an1434.pdf (1 MB)
an1725.pdf (1.37 MB)
isl55210.pdf (1.28 MB)
isla112p50.pdf (1.52 MB)
So let's move on now to see what kind of performance we're able to show with this lab setup. Since we have the capability on the board, let's look at the frequency response first, to make sure that it's flat to the region we care about, and also controls the bandwidth out of band. So what we show here is a network analyzer shot of the frequency response from board edge up to the ADC. Now, we've stored this trace, because we're actually taking FFTs right now also. But we can see a little bit of roll-off on the low end, and this is due to our input transformer. At the high end, we're seeing 180 megahertz minus 3db point, and then a second-order roll off. If we had not introduced the RLC filter between the amplifier and the converter, this would have been more like a 600 megahertz bandwidth, due to the transformer, which would have integrated quite a bit more noise, and degraded our SNR more so than we're going to see when we look at the FFT.
So with this test feature, which is built into the daughter board that you could acquire from the Intersil website, you can actually check the frequency response, and actually the distortion, right up to the ADC inputs.
But now let's move on to what we get in the FFT. So let's look now at the FFT that comes out of all this signal processing that we're performing here. This is available as a converter software version, that you download from the Intersil website. And what this is showing is that we're sampling at 500 megahertz or mega samples, which of course will fold all the data in to 250 megahertz. So this is showing the FFT output of the data capture card that we've been talking about.
So here we can see the key elements as our carrier, which is 105 megahertz. We are doing a Blackman-Harris four term windowing, since we're not doing synchronous sampling between the clock and the input, so we are using a windowing function. We're doing quite a number of samples. Our SNR full scale is 64.7. The converter itself specifies at 105 megahertz about 65.6dB, so we've lost just a little bit of performance there. We're seeing our dominant harmonics are the HD2 and HD3, as you would expect. They're at minus 83 and minus 82dBc, showing up here, and here. There's a little plus sign in there that's indicating that's the highest harmonic, which is the third harmonic.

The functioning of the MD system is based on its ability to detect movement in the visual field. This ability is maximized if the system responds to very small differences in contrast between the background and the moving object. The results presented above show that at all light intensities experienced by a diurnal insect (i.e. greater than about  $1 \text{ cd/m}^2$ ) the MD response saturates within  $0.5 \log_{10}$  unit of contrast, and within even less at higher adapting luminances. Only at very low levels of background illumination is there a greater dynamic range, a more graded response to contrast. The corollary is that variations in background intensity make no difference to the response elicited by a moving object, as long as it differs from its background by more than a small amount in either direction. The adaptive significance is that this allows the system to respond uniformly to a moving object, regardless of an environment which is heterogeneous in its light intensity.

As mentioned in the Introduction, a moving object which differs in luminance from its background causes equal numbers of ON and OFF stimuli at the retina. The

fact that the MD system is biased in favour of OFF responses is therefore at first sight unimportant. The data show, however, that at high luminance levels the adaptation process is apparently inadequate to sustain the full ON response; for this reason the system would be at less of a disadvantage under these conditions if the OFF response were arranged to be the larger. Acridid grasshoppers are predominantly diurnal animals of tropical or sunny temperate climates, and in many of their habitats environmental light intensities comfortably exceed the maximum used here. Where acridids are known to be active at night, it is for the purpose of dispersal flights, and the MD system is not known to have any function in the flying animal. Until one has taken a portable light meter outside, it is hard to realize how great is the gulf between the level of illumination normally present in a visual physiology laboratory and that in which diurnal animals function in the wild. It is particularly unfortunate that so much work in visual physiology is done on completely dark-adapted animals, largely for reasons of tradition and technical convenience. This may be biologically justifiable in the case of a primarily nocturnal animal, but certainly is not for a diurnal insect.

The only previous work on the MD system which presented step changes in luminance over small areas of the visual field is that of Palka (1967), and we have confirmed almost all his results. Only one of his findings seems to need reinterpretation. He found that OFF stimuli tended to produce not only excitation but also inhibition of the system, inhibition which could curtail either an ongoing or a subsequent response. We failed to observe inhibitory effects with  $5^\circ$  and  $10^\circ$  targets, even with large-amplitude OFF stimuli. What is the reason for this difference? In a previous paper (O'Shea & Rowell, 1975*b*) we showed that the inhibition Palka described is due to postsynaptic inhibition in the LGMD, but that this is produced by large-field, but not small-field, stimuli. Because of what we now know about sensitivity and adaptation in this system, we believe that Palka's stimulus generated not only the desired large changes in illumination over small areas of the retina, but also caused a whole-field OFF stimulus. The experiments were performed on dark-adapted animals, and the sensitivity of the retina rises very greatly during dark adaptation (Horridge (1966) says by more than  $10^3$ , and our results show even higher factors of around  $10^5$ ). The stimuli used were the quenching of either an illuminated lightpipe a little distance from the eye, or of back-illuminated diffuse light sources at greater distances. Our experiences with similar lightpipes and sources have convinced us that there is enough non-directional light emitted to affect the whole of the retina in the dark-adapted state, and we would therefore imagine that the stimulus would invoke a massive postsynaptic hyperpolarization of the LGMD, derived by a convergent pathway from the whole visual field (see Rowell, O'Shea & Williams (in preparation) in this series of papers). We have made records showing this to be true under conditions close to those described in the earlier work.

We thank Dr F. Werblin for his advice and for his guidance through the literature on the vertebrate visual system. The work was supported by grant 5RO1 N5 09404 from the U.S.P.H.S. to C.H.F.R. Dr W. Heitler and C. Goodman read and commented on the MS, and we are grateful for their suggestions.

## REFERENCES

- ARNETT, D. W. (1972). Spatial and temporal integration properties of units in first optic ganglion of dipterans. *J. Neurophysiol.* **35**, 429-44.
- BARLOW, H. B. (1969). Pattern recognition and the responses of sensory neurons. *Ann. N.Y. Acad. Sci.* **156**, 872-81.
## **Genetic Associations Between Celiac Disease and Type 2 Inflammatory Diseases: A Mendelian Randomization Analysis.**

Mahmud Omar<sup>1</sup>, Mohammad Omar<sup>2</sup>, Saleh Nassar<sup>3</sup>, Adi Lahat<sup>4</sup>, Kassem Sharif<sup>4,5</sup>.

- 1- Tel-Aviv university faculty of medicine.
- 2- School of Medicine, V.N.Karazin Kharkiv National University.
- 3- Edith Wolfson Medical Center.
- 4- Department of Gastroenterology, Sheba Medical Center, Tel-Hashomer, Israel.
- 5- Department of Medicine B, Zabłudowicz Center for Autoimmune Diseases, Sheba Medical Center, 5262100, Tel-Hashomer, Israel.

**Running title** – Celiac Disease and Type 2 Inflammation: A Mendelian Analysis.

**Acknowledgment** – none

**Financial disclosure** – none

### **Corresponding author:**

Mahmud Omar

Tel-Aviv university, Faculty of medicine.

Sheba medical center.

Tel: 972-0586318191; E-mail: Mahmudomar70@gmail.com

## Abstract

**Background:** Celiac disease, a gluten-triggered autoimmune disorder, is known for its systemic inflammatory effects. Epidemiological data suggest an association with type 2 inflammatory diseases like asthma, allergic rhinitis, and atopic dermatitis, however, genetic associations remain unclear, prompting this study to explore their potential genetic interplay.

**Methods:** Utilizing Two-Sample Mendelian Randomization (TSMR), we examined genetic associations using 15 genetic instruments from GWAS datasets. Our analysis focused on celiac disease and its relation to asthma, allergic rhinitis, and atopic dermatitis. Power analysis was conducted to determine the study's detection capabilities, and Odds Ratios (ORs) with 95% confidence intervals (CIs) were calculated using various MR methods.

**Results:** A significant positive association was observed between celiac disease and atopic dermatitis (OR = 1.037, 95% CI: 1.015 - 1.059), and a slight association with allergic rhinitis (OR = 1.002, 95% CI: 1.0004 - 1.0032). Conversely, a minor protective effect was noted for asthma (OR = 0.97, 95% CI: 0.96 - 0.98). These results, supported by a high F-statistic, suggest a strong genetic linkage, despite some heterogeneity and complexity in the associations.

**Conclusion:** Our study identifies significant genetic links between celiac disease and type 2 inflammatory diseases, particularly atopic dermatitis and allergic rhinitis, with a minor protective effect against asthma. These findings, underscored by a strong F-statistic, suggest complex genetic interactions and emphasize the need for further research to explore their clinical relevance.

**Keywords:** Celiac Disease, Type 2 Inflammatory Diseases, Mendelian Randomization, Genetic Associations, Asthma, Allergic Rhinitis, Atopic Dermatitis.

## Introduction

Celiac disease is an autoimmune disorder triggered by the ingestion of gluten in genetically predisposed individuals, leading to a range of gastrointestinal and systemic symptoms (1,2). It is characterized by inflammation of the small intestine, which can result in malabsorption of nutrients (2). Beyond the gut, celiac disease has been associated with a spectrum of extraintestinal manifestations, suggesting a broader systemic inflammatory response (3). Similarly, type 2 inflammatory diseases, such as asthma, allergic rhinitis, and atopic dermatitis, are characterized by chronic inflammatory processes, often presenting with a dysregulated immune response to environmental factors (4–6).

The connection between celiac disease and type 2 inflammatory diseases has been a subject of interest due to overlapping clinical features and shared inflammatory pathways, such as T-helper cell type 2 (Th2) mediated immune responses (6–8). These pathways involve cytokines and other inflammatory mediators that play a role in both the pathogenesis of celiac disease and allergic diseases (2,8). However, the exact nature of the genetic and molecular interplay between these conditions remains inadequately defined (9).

We're getting about a 10.4 bit ENOB full scale, which is very close to the converter itself. So this summarizes all the characteristics that we've been doing to get up to this point, feeding 105 megahertz analog signal, at a very low power level, achieving a minus one dB full scale, and then getting the resulting spectrum coming through from both the amplifier and the ADC.
So now let's talk about how close we are to the ADC.
So in closing, there's clearly an awful lot going on here. We're taking a very high-speed signal and providing about 17dB gain, in this example, up to a 500 megahertz ADC. And what we're interested in is how much have we degraded the ADC performance from what the converter itself is capable of. We of course are trying to degrade this as little as possible, but zero degradation is impossible. In the solution we've been demonstrating here, the amplifier is only consuming about 115 milliwatts of power. We're getting an SNR degradation of about .9dB, which calculates out to a SNR coming into the converter that's about 5dB better. On the SFDR side, we're seeing about a 6 to 7dB degradation at 105 megahertz. The converter itself is typically in the 87 to 88dBc region at 105 megahertz input, and we're seeing about 83dB numbers. That indicates that we're coming in just a little bit better than the converter itself, so kind of in the minus 89 to 90dBc region.
So in summary, we've got a very low power interface, driving also a very low power converter, that gives us, we think, the most capable, high-performance digitizing channel available today.